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School of Environmental Studies

What’s in it For Me? Study Tips For Rational Temperaments

Some people have the false impression that Rationals are always brilliant in any field. (A thought that is particularly reassuring right now, considering that Barack Obama, or new President-Elect, is a Rational personality!) Although they are often good students, Rationals may slack off in class if they do not find the subject matter compelling. The key is finding ways to make the information relevant to the Rational student; once engaged, Rationals will go to great lengths to learn and retain the material. There are 4 distinct types of Rationals: Fieldmarshal, Mastermind, Inventor and Architect. Does one of them sound like you?

Jung, a Rational Fieldmarshal, did quite well in some business classes, but struggled with others. In his junior year, when he decided to pursue an MBA after graduation, Jung knew he would need to polish his study habits to earn top grades. He asked how he could improve his study skills to prepare for graduate school. When Fieldmarshals study for a test or quiz, they do best to alternate between studying quietly and discussing the subject with others. Quiet study gives you a chance to collect information that your peers may not have. When possible, mark text areas deemed important, or dates to be memorized. Conversations can also help to solidify knowledge and gauge retention of the material. If a dialogue with fellow students is not possible, it can be helpful to discuss the material with your parents-even if they don’t know a lot about the topic.

Craig, a Rational Mastermind, was very studious and enjoyed the complexity of problems found in Environmental Science. His bugaboo was Chemistry. He particularly hated the lab smells and thought it had little application to his goal of working in governmental policy. Craig knew if he didn’t get at least a B in the course, it could affect his job eligibility, so he talked to a counselor about overcoming his aversion and getting a decent grade. Masterminds usually apply willpower to learn what they want to learn. They want to know things in depth before putting ideas into operation. Motivation for things they dislike can be difficult. First, they require a quiet space to study. Try to think of useful applications for the course information, even if it doesn’t apply to your area of interest. It is helpful to first read, then write, and lastly, practice (or at least consider) practical application and examples. Applying information from inside the brain into real world situations solidifies the material, helping to improve both lab performance and test scores.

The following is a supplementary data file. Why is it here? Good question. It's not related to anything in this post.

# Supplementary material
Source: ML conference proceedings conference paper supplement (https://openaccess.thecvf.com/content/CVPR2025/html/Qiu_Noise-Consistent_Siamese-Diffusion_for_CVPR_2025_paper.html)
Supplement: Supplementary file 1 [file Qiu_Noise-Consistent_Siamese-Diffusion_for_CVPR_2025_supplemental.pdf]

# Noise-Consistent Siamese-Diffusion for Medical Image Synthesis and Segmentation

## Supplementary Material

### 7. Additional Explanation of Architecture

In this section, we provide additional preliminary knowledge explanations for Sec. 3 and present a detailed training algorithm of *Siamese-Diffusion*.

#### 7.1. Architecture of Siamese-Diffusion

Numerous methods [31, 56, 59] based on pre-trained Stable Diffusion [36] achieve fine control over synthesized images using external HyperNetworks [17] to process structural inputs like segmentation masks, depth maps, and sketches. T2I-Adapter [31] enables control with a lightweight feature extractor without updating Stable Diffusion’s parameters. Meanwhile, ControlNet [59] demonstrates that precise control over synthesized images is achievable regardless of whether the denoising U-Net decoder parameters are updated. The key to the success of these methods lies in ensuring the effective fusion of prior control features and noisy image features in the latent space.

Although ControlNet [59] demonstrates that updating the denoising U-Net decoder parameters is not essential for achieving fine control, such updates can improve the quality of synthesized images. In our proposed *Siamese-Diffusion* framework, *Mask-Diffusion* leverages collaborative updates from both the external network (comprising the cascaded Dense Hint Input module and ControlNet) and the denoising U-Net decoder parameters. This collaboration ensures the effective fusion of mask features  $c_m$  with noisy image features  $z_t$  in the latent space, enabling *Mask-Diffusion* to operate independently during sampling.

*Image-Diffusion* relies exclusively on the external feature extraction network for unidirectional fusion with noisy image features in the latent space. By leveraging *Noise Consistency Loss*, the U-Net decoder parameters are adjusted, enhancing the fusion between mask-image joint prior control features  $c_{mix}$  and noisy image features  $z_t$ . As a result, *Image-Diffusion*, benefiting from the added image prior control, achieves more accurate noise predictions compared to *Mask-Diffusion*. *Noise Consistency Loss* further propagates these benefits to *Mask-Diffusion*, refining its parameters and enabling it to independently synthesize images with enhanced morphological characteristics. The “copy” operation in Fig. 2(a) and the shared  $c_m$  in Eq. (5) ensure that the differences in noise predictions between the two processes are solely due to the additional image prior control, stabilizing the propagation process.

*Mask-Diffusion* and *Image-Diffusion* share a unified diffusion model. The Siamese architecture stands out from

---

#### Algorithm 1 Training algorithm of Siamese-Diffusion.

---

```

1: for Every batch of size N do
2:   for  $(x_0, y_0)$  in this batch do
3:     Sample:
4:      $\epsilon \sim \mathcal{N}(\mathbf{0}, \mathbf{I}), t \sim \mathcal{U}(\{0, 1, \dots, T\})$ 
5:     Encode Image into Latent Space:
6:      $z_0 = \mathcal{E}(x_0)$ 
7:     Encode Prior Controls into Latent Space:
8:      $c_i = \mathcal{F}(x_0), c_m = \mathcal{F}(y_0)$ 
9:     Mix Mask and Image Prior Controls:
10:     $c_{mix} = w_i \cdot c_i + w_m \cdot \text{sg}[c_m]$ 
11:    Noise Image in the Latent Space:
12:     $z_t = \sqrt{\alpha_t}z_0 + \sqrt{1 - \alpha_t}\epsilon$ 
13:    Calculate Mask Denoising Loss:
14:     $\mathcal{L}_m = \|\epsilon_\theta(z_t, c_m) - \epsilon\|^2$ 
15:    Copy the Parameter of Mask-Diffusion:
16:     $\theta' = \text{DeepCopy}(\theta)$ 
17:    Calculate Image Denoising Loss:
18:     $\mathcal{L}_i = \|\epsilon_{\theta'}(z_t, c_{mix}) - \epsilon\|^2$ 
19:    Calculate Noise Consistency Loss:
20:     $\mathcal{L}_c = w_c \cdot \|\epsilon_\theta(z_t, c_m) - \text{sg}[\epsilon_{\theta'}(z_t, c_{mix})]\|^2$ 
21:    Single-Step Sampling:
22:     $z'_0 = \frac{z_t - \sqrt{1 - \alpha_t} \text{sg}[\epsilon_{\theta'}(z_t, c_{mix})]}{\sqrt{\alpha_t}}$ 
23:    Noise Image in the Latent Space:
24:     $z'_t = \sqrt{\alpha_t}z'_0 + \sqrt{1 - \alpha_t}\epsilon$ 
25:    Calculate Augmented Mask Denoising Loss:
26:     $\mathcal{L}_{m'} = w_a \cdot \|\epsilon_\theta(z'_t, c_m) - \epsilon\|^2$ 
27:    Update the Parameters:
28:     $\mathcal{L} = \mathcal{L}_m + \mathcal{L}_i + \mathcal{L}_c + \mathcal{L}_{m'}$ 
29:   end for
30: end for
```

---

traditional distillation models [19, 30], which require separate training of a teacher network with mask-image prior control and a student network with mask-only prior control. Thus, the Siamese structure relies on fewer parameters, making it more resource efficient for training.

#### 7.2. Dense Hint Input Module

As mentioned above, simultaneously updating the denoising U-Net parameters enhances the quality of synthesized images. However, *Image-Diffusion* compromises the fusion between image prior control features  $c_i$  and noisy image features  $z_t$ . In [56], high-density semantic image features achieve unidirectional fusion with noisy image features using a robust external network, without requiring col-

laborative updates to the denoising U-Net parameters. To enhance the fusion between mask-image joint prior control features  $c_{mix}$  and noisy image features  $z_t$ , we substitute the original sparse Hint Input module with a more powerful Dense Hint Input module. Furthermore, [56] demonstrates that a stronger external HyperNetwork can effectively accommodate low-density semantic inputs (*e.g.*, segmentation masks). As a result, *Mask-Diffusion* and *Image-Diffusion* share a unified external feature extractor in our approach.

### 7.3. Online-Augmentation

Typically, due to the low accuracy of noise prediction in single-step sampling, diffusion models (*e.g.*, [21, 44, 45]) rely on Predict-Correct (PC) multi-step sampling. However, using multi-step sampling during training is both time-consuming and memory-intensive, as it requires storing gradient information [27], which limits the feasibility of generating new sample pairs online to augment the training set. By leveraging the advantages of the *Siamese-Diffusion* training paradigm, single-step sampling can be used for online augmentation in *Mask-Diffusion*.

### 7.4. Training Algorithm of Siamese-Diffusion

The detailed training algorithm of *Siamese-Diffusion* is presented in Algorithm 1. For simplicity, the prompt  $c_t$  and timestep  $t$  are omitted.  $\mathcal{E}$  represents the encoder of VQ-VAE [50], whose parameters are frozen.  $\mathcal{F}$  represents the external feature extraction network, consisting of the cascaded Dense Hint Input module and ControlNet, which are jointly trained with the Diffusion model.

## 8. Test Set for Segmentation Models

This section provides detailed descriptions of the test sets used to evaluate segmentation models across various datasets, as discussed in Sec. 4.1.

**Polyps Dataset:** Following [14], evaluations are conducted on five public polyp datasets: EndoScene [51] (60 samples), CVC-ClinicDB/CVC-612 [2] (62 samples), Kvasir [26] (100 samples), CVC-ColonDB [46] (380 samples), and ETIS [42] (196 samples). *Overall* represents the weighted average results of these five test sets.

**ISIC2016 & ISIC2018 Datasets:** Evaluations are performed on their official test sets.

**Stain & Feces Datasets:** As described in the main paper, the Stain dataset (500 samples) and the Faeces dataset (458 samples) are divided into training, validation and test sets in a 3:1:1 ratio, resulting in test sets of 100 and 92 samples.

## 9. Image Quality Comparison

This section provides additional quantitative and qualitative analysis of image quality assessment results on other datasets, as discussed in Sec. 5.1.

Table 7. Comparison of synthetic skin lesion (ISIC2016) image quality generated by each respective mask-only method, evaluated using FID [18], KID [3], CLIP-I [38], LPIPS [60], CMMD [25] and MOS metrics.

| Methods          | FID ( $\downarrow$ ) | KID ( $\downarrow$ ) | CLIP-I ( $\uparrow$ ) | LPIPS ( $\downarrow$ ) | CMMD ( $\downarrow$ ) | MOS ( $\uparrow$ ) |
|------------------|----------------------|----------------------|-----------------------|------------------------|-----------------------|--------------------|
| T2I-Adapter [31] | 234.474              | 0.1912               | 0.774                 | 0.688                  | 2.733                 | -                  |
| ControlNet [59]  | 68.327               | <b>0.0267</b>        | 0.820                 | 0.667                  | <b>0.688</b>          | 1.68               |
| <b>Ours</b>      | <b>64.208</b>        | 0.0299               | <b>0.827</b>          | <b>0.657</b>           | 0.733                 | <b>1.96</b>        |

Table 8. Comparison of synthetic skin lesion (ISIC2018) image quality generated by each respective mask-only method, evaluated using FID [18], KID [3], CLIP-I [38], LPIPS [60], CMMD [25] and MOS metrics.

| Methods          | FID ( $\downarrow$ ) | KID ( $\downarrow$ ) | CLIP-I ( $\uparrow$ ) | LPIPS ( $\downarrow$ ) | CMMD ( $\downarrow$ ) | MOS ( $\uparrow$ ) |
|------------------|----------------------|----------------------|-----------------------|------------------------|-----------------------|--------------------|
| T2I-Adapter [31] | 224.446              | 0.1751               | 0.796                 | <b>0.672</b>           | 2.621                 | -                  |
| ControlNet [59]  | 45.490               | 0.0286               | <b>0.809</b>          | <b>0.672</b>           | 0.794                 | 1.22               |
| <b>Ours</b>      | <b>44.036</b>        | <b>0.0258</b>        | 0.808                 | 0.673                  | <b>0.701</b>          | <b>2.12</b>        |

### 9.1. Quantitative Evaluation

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Career Development: Is Going Back to School Your Best Path to Career Growth?

Whether you are a job seeker or simply in your career and pondering your next career move, you might be considering going back to school. Returning to school to pursue a degree to be more career competitive is a commonly held belief. But… is it really the right thing to do?

For those out there aghast for questioning the wisdom of schooling or education, let me assure you that I’m a perpetual student myself. In fact, I think we should all continue to improve ourselves. The bigger question is around setting your expectations about what you are pursuing and whether or not your expectations can actually be met.

Here are some tips and things for you to consider:

- Clarity is critical. Do your research. You need to understand the requirements for the type of position you desire to move into. Too many people think they know the path from where they are to the career of their dream without doing their homework to know for sure. You don’t want to invest both time and money without first confirming you are on the right path.

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Leaving a Private School? Consider Distance Learning

Schools can fail students just as much as a student can fail in school. Sometimes, for reasons ranging from teacher-student conflict, to issues with safety, a child simply does not “fit in” and succeed at a particular school. Most of the time, the solution often involves enrollment in a different school. What if the problem though is not the school, but the system and the approach in general? Parents often wrongly assume that paying for an education automatically translates to academic success.

What happens when the decision to attend private school backfires and a student does not succeed? Besides losing out on a significant amount of money, parents whose children have to transfer out of private school have to make a decision as to whether or not their child will now move on to public school, or find another alternative.

For most parents, the reason why they enrolled their child in a private school in the first place was because of the many benefits it offers, both in terms of a general education, as well as for the preparation it gives students who are looking to pursue their education beyond high school. So what is a parent to do? If private school is just not working out, do they have an equivalent option?

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